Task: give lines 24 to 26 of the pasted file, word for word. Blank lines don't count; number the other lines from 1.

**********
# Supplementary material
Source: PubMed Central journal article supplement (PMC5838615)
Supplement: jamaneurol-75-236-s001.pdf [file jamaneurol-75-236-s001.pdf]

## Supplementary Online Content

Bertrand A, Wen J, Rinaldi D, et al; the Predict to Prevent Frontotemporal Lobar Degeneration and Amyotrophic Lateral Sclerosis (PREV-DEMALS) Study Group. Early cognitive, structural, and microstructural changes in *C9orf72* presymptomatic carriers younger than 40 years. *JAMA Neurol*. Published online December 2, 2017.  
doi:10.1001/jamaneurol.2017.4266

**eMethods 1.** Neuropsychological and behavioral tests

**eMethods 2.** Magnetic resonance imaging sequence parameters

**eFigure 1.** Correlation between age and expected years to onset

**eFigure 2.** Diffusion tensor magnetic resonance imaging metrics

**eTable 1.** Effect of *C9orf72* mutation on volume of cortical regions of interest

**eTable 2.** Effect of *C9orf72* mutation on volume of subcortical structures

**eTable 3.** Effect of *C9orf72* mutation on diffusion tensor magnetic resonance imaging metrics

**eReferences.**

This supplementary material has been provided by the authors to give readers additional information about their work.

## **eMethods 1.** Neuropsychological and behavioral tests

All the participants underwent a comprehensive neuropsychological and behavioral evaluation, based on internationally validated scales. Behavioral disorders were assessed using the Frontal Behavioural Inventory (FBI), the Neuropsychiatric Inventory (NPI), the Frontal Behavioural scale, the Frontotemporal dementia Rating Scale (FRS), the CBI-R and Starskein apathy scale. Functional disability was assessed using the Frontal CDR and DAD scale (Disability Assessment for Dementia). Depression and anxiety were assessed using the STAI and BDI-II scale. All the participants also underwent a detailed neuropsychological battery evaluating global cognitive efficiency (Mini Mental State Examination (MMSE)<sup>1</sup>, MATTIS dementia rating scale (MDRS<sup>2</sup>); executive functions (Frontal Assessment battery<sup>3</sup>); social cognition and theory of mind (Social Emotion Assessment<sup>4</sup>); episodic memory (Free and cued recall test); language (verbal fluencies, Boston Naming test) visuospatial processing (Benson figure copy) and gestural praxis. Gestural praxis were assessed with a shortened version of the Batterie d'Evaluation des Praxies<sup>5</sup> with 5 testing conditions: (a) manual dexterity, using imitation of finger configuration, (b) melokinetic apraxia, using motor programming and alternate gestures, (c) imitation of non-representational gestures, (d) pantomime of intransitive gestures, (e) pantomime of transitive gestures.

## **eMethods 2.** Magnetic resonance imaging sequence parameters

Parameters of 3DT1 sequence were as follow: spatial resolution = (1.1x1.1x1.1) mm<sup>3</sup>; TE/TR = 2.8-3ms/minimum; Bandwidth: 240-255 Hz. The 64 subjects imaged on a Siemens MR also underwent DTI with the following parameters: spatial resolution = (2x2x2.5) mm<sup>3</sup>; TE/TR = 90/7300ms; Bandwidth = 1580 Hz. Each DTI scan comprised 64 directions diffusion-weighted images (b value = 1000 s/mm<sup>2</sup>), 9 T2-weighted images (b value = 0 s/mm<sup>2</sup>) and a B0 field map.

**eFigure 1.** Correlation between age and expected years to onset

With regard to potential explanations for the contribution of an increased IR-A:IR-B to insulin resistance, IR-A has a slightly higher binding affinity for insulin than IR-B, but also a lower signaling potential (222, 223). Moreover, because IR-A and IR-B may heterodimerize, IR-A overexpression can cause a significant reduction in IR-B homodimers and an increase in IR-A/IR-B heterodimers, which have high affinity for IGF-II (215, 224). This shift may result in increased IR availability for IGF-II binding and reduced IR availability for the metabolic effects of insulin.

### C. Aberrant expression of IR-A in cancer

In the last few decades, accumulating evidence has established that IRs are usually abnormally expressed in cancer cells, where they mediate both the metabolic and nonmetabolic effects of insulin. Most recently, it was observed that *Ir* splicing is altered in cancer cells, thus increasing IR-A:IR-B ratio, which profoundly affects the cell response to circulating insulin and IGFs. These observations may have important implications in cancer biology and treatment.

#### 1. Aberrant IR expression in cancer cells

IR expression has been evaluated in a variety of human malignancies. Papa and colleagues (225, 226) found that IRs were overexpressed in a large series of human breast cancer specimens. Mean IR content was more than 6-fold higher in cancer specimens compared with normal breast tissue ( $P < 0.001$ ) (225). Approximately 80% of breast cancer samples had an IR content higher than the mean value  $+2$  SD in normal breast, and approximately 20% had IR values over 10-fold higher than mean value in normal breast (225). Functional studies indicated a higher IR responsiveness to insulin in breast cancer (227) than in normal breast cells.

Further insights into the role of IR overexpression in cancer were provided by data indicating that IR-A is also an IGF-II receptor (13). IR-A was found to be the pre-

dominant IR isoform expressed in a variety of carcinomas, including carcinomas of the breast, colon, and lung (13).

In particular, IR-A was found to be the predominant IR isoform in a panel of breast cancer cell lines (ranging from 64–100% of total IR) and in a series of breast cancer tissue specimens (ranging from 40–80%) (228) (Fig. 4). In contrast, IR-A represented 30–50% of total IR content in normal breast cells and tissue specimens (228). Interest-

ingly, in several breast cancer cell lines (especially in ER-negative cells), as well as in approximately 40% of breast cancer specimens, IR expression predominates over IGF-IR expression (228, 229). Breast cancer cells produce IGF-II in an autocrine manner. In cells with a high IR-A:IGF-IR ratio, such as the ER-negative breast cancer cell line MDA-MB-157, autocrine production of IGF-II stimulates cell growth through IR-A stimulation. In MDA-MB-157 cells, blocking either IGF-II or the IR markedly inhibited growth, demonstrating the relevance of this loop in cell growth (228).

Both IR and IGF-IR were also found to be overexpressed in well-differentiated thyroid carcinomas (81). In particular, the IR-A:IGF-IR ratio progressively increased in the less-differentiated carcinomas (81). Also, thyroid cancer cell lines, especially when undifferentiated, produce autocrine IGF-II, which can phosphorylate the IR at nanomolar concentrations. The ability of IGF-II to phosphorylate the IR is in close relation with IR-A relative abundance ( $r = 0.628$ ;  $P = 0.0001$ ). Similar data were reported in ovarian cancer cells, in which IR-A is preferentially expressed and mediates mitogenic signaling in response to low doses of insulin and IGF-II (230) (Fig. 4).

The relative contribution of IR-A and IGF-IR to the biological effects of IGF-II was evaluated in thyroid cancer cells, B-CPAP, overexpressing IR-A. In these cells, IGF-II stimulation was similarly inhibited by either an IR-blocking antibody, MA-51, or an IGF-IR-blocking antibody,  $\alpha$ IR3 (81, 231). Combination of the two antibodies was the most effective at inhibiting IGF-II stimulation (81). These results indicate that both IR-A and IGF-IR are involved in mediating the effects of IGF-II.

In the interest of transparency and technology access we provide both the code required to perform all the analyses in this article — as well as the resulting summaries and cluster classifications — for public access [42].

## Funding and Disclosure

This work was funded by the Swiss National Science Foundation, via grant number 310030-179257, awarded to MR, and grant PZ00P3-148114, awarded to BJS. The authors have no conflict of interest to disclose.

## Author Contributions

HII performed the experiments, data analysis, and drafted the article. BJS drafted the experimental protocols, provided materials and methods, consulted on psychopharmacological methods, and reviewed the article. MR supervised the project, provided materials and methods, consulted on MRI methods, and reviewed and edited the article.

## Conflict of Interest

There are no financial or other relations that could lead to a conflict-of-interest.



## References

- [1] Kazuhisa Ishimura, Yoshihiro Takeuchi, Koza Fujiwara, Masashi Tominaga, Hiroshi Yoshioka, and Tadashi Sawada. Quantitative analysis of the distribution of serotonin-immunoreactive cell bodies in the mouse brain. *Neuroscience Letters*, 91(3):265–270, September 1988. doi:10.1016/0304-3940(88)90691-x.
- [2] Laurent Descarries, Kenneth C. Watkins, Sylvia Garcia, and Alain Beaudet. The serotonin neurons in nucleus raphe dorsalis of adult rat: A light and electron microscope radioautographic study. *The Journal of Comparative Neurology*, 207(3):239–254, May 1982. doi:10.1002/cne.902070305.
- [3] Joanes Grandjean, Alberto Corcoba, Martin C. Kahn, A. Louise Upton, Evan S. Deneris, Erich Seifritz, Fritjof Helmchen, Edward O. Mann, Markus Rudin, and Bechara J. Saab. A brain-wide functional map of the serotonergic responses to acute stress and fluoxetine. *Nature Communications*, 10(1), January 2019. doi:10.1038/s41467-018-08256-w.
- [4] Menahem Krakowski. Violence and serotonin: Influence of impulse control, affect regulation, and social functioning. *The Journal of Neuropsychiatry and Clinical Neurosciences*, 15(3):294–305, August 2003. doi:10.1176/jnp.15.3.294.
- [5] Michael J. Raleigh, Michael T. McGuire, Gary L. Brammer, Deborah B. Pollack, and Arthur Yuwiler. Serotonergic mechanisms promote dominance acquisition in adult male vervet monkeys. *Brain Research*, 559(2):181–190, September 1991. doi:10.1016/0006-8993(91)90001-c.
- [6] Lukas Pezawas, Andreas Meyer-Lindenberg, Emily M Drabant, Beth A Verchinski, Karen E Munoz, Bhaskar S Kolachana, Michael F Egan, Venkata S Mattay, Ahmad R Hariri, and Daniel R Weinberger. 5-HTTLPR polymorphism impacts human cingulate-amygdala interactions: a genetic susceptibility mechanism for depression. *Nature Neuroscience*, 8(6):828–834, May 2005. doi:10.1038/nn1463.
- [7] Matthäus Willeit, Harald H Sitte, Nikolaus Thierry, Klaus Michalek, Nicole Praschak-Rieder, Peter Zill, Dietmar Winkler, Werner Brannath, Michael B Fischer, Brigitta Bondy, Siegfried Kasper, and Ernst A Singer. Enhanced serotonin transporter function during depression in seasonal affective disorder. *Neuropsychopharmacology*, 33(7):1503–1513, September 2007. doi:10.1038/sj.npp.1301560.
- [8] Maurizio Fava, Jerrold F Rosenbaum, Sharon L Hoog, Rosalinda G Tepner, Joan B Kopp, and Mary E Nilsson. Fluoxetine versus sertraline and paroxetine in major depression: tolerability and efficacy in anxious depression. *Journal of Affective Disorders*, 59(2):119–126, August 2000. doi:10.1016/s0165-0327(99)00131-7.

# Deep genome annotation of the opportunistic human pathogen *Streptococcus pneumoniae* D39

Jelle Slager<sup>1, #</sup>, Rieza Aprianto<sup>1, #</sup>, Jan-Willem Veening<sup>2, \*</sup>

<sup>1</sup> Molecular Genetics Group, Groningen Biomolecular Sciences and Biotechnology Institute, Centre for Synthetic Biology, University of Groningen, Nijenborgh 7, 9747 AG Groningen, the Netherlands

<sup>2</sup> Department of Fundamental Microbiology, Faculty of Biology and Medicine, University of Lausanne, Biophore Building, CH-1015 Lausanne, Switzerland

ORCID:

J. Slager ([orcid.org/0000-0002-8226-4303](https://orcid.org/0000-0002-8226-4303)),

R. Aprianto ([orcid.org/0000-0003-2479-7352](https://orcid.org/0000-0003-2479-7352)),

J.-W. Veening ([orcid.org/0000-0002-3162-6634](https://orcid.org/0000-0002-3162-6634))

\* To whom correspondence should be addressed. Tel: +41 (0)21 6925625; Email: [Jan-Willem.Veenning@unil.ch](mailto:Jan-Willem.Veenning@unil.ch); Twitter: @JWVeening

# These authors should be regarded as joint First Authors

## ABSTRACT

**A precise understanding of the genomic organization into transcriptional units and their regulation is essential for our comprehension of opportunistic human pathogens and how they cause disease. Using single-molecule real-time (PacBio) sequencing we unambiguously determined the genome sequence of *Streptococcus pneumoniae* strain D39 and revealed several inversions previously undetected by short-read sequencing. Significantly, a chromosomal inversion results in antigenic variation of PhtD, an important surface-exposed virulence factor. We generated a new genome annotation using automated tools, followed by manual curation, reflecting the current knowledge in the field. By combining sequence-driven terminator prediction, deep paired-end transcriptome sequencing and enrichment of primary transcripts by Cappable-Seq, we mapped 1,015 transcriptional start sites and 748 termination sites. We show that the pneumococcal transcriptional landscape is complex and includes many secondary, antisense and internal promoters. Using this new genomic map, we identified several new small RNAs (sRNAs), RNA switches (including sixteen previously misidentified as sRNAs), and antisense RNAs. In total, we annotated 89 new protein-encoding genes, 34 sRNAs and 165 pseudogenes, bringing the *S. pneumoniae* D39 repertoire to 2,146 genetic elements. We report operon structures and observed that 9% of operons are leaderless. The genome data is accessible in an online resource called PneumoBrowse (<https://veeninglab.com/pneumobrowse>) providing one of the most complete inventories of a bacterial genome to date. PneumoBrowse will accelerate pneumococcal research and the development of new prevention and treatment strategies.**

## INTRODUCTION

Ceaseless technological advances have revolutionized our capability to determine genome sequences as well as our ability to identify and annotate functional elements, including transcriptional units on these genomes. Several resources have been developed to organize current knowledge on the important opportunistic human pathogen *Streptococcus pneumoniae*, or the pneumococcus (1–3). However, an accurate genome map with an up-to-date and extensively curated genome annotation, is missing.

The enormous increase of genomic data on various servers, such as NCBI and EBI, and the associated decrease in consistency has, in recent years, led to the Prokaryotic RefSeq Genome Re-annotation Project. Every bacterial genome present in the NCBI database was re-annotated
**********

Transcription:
#### 1. Aberrant IR expression in cancer cells

IR expression has been evaluated in a variety of human malignancies. Papa and colleagues (225, 226) found that IRs were overexpressed in a large series of human breast cancer specimens. Mean IR content was more than 6-fold higher in cancer specimens compared with normal breast tissue ( $P < 0.001$ ) (225). Approximately 80% of breast cancer samples had an IR content higher than the mean value  $+2$  SD in normal breast, and approximately 20% had IR values over 10-fold higher than mean value in normal breast (225). Functional studies indicated a higher IR responsiveness to insulin in breast cancer (227) than in normal breast cells.

Further insights into the role of IR overexpression in cancer were provided by data indicating that IR-A is also an IGF-II receptor (13). IR-A was found to be the pre-